Note, by the way, how much I emphasize my doctor’s knowledge, insight and availability, not our “friendliness.” I am not paying my doctor to be my buddy. He doesn’t box, he doesn’t approve of drinking, and he likes talking about home improvement (a topic they will discuss to punish me in hell). However, he is an expert, and he remembers and documents everything there is to know about me. That is knowledge. And that knowledge turns into insight.
How to Pay?
So if we pay for access and a relationship, what is a fair and reasonable amount? For me the answer is clear—we need to charge in a way that encourages the development of a relationship rather than sporadic and opportunistic transactions.
Fees for assets under management are an amazing pricing method that advisory firms should never, ever give up if they don’t have to. AUM fees allow advisors to build a great and consistent relationship with their clients and translate that relationship into insight tremendously beneficial to those clients.
Research suggests we evaluate relationships through different frameworks depending on whether they are “social” or “commercial.” In social relationships, we are reciprocal, attentive and cordial and do not take advantage of the other party. Commercial relationships are quite different. In these, we bargain, we haggle, we feel fully entitled to take advantage of the other party if they make a mistake.
Research also indicates that in the presence of money—either a price tag or a bill or an invoice or physical money—we tend to switch to the rules of the market, which say, “Protect yourself at all times.” In a famous study, a day care in Israel, aggravated by parents being late, started charging steep late fees. As a result, the parents became even more late, not less so. What the researchers discovered was that before the change, the parents tried not to be late out of politeness and respect for social norms. Once the price tag was there, it became a commercial transaction. They decided to just pay the fee.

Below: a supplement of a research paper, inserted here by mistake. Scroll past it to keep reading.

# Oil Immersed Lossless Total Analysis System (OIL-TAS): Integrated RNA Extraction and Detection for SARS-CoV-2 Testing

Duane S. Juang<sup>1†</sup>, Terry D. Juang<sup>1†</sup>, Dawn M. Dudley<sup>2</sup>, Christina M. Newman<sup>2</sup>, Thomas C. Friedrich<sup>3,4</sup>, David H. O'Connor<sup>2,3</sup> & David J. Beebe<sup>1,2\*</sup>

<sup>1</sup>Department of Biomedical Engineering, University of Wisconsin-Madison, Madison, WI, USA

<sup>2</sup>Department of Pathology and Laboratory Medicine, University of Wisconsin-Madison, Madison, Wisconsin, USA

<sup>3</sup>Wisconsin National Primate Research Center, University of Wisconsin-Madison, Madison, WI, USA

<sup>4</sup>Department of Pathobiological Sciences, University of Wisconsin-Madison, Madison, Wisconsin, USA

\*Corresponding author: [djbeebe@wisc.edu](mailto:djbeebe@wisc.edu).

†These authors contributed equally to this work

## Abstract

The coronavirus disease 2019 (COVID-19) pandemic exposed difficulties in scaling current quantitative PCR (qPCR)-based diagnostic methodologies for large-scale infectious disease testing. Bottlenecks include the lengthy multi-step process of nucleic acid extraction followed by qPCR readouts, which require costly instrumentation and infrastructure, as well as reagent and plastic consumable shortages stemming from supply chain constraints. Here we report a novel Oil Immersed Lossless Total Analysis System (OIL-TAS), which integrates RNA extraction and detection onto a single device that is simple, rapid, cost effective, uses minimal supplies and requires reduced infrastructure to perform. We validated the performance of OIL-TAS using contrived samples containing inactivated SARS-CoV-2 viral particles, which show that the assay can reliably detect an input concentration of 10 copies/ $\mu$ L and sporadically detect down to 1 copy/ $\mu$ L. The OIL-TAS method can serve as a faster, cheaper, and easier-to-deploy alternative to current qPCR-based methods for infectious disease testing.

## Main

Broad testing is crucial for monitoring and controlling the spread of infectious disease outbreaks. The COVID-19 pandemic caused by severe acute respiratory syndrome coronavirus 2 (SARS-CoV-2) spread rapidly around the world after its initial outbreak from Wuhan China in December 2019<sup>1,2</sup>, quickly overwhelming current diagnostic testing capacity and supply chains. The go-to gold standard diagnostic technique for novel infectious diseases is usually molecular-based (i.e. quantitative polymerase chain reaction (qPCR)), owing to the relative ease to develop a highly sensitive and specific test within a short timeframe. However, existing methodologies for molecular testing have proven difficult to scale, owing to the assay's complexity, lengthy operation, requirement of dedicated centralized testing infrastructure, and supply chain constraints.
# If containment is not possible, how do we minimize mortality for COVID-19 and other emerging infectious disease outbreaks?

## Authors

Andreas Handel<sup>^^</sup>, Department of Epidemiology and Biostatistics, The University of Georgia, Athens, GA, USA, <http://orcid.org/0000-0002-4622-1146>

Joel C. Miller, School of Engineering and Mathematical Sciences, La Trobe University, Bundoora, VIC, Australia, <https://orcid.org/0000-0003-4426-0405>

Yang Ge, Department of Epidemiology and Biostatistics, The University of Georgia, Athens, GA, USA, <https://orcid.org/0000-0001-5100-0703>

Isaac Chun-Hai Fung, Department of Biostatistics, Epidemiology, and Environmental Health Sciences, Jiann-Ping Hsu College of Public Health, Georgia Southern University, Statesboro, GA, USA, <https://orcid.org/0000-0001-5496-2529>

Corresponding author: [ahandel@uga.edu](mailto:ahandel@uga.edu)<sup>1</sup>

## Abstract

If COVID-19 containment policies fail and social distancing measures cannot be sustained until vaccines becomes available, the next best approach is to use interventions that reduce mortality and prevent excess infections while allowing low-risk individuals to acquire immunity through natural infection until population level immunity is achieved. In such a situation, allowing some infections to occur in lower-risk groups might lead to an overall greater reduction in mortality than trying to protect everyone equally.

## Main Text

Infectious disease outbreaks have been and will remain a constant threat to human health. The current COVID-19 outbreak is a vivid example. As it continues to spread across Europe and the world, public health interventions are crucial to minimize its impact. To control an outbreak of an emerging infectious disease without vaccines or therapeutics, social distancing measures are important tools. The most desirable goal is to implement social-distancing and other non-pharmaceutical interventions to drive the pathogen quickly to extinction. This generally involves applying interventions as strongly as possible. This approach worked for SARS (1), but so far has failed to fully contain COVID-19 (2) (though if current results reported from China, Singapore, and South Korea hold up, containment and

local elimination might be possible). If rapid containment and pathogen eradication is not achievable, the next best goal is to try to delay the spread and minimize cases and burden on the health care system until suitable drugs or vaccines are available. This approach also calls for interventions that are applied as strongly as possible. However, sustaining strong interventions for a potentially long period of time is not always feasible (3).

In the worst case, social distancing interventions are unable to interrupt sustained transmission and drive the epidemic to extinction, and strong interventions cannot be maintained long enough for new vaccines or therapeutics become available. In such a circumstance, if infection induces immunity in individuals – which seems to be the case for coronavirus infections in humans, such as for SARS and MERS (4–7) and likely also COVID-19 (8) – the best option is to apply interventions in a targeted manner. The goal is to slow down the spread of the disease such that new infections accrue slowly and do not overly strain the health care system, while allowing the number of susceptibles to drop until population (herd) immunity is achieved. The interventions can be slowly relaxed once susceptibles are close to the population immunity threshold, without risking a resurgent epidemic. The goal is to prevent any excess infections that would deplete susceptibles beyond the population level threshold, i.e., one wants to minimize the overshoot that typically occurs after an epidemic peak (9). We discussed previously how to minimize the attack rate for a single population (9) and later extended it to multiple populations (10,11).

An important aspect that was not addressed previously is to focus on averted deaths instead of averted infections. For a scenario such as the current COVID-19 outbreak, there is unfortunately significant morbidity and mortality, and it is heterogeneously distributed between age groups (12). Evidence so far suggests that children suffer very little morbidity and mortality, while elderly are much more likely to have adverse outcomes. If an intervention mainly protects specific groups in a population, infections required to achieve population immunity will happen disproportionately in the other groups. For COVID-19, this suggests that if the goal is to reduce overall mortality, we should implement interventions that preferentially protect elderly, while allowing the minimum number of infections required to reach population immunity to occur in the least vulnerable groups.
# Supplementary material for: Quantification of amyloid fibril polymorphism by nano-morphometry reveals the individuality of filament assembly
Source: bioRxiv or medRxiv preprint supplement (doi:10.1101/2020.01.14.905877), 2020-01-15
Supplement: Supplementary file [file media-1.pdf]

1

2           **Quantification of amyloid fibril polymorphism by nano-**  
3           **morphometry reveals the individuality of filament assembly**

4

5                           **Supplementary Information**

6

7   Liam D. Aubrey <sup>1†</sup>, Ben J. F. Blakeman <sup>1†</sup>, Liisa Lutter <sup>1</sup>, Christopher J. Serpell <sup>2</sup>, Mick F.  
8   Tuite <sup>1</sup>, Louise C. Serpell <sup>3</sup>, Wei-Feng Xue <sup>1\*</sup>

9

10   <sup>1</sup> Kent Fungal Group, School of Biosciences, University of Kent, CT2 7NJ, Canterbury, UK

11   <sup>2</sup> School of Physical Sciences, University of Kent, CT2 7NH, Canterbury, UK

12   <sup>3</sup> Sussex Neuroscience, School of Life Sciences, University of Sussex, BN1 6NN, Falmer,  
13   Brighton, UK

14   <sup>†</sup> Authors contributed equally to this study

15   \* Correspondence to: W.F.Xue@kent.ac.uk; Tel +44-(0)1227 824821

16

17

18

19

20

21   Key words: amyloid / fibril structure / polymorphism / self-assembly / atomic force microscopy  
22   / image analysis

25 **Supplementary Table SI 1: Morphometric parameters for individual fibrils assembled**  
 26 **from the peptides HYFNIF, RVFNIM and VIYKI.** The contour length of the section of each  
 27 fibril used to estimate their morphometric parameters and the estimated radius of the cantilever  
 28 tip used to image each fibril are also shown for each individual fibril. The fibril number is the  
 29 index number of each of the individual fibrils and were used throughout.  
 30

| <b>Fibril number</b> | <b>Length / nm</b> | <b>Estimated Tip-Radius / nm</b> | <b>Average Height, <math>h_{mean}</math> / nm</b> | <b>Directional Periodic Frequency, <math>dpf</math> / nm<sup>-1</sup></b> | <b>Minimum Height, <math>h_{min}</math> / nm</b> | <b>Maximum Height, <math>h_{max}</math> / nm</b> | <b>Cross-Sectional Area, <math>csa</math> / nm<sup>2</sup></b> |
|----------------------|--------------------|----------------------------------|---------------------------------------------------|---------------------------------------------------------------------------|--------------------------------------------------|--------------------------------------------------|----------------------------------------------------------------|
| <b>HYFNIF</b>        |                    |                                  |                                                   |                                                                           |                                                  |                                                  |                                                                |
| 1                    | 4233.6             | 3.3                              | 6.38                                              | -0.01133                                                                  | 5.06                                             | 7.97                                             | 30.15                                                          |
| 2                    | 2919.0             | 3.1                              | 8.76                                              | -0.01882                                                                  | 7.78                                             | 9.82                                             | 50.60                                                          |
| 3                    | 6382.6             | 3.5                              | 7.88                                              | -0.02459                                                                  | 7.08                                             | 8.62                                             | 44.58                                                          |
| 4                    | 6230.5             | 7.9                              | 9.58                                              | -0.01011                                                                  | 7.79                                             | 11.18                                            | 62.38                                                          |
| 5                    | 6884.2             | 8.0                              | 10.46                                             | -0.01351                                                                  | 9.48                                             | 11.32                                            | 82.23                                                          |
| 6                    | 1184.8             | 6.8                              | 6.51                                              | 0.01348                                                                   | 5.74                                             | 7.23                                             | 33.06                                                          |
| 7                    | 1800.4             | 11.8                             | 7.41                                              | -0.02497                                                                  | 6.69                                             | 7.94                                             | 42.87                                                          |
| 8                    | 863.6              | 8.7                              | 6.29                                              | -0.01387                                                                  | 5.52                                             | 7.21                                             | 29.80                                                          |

The advantage of AUM fees is that they are very seamless. There are not a lot of reminders to the client that this is a commercial transaction. As a result, clients treat it as a social interaction: They are friendly, reciprocal and attentive rather than guarded and opportunistic.
The State of Industry Pricing and the Myth of Compression
When we asked in a survey, “Do you feel that your pricing is under pressure?” 47% of the firms responding said, “Little: Sporadically we have to answer questions.” Another 40% said, “Some: We need to be more competitive with our pricing.” Cerulli Associates’ results are similar. In the research firm’s interactive dashboard asking advisors about fee compression for 2018, only 30% of those responding agreed with the statement, “I feel pressure from clients to reduce fees.” Only 5% strongly agreed.
When our firm asked advisors if they had changed their fees in the last two years, only 37% of firms had. Now the punchline: Of those firms that said yes, only 10% lowered them! Thirty-five percent increased their fees and 55% increased the fees for some clients and lowered them for some. For me, this does not reflect price compression—quite the opposite.